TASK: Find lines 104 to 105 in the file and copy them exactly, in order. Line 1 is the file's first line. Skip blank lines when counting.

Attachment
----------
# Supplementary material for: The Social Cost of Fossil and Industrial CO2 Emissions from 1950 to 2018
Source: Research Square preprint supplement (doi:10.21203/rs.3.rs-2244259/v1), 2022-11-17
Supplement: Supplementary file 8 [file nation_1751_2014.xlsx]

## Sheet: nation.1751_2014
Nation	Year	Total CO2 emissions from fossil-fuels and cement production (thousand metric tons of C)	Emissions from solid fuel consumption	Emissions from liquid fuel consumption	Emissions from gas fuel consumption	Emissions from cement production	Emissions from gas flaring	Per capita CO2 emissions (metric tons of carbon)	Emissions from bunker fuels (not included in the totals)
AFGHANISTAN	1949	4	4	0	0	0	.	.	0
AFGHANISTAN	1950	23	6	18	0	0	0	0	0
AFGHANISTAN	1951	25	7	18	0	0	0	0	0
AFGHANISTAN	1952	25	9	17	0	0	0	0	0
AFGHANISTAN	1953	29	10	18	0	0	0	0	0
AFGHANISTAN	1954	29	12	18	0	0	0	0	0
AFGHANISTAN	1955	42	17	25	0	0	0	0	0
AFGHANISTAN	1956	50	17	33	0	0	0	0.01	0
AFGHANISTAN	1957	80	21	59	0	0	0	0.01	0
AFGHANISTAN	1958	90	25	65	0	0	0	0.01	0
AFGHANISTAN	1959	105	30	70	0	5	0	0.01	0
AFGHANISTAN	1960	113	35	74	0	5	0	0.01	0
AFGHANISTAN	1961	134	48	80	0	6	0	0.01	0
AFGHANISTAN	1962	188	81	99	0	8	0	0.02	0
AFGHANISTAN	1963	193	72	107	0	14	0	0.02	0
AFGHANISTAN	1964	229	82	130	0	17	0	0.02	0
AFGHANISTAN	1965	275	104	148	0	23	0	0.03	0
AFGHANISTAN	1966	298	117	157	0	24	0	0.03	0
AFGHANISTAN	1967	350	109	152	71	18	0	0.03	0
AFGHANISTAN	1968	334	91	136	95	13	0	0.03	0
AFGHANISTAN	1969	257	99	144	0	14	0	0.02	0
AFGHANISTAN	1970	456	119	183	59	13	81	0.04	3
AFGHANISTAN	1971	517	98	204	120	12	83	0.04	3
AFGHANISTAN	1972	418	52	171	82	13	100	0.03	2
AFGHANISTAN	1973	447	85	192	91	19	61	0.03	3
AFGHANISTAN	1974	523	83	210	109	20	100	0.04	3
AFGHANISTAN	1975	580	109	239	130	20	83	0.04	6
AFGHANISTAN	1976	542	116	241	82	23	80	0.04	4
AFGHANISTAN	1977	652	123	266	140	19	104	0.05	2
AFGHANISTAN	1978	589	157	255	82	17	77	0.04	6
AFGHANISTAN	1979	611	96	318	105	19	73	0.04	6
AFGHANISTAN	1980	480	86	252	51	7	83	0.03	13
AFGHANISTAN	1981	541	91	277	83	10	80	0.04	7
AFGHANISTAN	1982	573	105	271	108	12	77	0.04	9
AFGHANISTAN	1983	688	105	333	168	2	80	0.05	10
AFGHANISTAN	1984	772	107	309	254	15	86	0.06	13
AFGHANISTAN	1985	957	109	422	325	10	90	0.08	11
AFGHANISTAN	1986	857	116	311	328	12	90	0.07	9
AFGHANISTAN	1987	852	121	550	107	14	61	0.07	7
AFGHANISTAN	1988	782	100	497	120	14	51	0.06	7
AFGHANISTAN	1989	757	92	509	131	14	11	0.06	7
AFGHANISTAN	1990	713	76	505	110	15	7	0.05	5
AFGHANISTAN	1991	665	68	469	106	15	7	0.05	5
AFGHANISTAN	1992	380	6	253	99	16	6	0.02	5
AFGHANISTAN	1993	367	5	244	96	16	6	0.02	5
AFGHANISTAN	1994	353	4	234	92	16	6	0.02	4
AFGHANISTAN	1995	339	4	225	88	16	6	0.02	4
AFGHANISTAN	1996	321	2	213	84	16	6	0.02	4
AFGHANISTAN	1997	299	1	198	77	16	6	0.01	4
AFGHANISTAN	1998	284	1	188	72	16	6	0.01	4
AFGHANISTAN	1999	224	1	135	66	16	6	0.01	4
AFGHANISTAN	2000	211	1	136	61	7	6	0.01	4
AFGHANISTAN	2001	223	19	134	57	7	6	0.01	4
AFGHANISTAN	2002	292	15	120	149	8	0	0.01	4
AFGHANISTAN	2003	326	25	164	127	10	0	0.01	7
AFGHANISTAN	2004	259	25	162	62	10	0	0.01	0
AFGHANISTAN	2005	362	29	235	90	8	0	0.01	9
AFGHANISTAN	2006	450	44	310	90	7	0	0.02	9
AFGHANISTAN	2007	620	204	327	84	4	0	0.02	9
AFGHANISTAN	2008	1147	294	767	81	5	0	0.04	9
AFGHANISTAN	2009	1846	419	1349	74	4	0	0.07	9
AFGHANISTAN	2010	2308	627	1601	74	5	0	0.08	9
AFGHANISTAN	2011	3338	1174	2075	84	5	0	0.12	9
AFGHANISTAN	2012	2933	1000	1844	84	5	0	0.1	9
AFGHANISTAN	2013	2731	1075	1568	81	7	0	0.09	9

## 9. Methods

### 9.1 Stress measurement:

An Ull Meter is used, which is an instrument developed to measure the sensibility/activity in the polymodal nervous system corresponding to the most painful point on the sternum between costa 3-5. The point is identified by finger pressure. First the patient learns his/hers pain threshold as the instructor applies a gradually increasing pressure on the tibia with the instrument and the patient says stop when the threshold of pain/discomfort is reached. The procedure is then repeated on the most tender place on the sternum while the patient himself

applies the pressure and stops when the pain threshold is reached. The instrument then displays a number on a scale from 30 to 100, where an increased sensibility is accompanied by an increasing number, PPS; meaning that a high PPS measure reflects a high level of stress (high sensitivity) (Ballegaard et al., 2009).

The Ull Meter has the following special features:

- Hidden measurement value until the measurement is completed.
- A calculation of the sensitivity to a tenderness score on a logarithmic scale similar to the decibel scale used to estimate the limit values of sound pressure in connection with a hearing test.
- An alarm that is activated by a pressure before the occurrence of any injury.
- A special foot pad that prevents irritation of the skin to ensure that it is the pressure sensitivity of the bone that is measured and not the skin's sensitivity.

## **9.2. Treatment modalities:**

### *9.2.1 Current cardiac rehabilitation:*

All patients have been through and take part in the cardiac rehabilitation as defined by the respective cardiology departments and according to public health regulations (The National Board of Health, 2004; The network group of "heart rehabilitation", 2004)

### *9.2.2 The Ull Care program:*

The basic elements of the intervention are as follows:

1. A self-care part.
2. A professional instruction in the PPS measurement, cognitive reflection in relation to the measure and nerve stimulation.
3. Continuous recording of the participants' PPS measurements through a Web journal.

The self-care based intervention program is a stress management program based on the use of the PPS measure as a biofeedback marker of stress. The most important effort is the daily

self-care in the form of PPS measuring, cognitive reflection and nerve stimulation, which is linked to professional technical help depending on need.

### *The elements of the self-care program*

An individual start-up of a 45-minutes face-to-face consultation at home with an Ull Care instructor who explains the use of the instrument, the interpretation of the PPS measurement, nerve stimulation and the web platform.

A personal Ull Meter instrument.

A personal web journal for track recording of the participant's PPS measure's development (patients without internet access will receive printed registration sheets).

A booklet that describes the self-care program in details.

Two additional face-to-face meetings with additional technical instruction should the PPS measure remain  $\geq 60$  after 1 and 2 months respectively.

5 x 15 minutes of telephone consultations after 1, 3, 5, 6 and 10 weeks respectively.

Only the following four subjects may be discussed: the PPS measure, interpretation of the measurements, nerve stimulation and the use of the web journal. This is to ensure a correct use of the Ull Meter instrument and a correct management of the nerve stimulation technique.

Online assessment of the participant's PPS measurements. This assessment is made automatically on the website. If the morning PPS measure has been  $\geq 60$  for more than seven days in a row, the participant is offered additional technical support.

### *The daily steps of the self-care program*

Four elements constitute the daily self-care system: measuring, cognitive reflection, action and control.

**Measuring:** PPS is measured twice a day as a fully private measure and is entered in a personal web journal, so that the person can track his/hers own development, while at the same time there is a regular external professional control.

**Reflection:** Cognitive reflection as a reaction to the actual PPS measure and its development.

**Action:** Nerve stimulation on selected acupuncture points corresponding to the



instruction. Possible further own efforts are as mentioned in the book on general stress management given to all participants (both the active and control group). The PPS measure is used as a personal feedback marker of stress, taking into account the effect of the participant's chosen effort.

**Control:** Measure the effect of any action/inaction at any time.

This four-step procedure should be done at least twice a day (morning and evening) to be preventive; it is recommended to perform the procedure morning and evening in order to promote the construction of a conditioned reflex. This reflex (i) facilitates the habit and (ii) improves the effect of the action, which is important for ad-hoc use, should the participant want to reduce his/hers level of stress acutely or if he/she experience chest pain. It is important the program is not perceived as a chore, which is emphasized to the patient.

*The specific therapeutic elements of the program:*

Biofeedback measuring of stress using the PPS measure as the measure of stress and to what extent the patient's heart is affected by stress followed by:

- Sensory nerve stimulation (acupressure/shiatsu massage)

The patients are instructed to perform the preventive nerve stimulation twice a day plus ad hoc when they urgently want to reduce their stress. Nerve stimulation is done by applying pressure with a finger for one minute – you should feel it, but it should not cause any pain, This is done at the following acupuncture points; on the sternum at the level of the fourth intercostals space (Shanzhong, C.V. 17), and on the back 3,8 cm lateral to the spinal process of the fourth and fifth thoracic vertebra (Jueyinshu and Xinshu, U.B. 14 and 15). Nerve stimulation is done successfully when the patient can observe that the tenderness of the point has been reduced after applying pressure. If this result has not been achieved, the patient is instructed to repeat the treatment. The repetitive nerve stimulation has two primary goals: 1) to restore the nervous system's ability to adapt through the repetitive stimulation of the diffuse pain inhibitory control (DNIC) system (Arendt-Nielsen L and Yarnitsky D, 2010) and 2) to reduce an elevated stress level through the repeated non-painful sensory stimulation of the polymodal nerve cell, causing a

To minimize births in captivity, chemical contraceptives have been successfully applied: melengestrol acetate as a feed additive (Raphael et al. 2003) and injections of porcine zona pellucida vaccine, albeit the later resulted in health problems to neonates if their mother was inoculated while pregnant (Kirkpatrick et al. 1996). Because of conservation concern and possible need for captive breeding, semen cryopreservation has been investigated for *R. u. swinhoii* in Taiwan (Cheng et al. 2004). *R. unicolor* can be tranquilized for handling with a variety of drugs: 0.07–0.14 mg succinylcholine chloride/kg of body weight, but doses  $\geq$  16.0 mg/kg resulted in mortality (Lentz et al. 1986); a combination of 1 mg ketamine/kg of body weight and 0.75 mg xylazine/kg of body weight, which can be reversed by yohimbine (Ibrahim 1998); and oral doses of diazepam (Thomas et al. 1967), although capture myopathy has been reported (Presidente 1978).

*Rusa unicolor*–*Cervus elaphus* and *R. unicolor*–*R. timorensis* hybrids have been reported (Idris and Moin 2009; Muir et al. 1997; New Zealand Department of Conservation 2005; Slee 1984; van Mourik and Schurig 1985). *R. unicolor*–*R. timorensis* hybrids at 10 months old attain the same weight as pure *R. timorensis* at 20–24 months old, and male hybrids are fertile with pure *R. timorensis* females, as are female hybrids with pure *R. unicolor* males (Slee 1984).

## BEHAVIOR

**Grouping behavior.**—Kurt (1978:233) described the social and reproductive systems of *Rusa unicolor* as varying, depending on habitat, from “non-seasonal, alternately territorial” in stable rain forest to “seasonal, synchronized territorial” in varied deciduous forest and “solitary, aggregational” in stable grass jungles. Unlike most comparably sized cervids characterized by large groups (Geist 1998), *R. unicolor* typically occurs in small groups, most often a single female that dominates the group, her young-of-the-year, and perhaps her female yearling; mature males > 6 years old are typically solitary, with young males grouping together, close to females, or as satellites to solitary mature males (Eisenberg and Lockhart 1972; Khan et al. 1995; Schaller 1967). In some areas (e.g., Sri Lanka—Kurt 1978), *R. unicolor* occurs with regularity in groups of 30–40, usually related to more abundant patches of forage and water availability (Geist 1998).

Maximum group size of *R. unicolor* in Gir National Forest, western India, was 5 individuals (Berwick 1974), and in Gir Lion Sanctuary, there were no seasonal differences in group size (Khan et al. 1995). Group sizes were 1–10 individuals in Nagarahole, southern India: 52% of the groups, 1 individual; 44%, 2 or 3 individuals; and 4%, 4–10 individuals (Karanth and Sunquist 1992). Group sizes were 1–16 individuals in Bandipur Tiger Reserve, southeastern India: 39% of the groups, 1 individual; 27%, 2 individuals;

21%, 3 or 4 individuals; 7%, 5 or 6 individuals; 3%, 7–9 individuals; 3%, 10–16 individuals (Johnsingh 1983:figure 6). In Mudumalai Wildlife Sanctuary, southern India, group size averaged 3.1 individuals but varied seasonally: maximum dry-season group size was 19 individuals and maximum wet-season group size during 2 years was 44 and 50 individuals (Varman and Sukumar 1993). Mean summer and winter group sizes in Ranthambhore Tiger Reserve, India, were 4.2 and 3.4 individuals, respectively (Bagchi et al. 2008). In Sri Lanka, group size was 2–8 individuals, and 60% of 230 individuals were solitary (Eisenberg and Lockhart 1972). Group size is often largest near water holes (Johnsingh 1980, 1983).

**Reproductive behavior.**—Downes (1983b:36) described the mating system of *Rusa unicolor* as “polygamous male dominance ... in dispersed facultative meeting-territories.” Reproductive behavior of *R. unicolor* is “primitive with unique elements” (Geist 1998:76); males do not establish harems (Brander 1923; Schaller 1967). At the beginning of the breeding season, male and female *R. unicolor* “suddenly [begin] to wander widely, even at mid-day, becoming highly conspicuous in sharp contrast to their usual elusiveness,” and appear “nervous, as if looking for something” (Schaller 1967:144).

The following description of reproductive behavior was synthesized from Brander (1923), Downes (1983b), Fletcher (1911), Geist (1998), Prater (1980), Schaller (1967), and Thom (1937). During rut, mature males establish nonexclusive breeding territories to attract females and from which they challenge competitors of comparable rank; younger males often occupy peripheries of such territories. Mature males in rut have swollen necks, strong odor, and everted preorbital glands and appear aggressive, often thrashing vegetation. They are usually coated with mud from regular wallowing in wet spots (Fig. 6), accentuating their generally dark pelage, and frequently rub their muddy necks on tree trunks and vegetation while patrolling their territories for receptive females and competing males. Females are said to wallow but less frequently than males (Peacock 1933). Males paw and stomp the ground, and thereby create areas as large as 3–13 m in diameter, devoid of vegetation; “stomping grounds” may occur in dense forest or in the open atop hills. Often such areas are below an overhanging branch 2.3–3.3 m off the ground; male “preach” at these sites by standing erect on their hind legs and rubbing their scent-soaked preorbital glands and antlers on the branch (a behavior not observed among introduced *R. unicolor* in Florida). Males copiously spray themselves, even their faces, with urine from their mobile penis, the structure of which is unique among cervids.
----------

instruction. Possible further own efforts are as mentioned in the book on general stress management given to all participants (both the active and control group). The PPS measure is used as a personal feedback marker of stress, taking into account the effect of the participant's chosen effort.

**Control:** Measure the effect of any action/inaction at any time.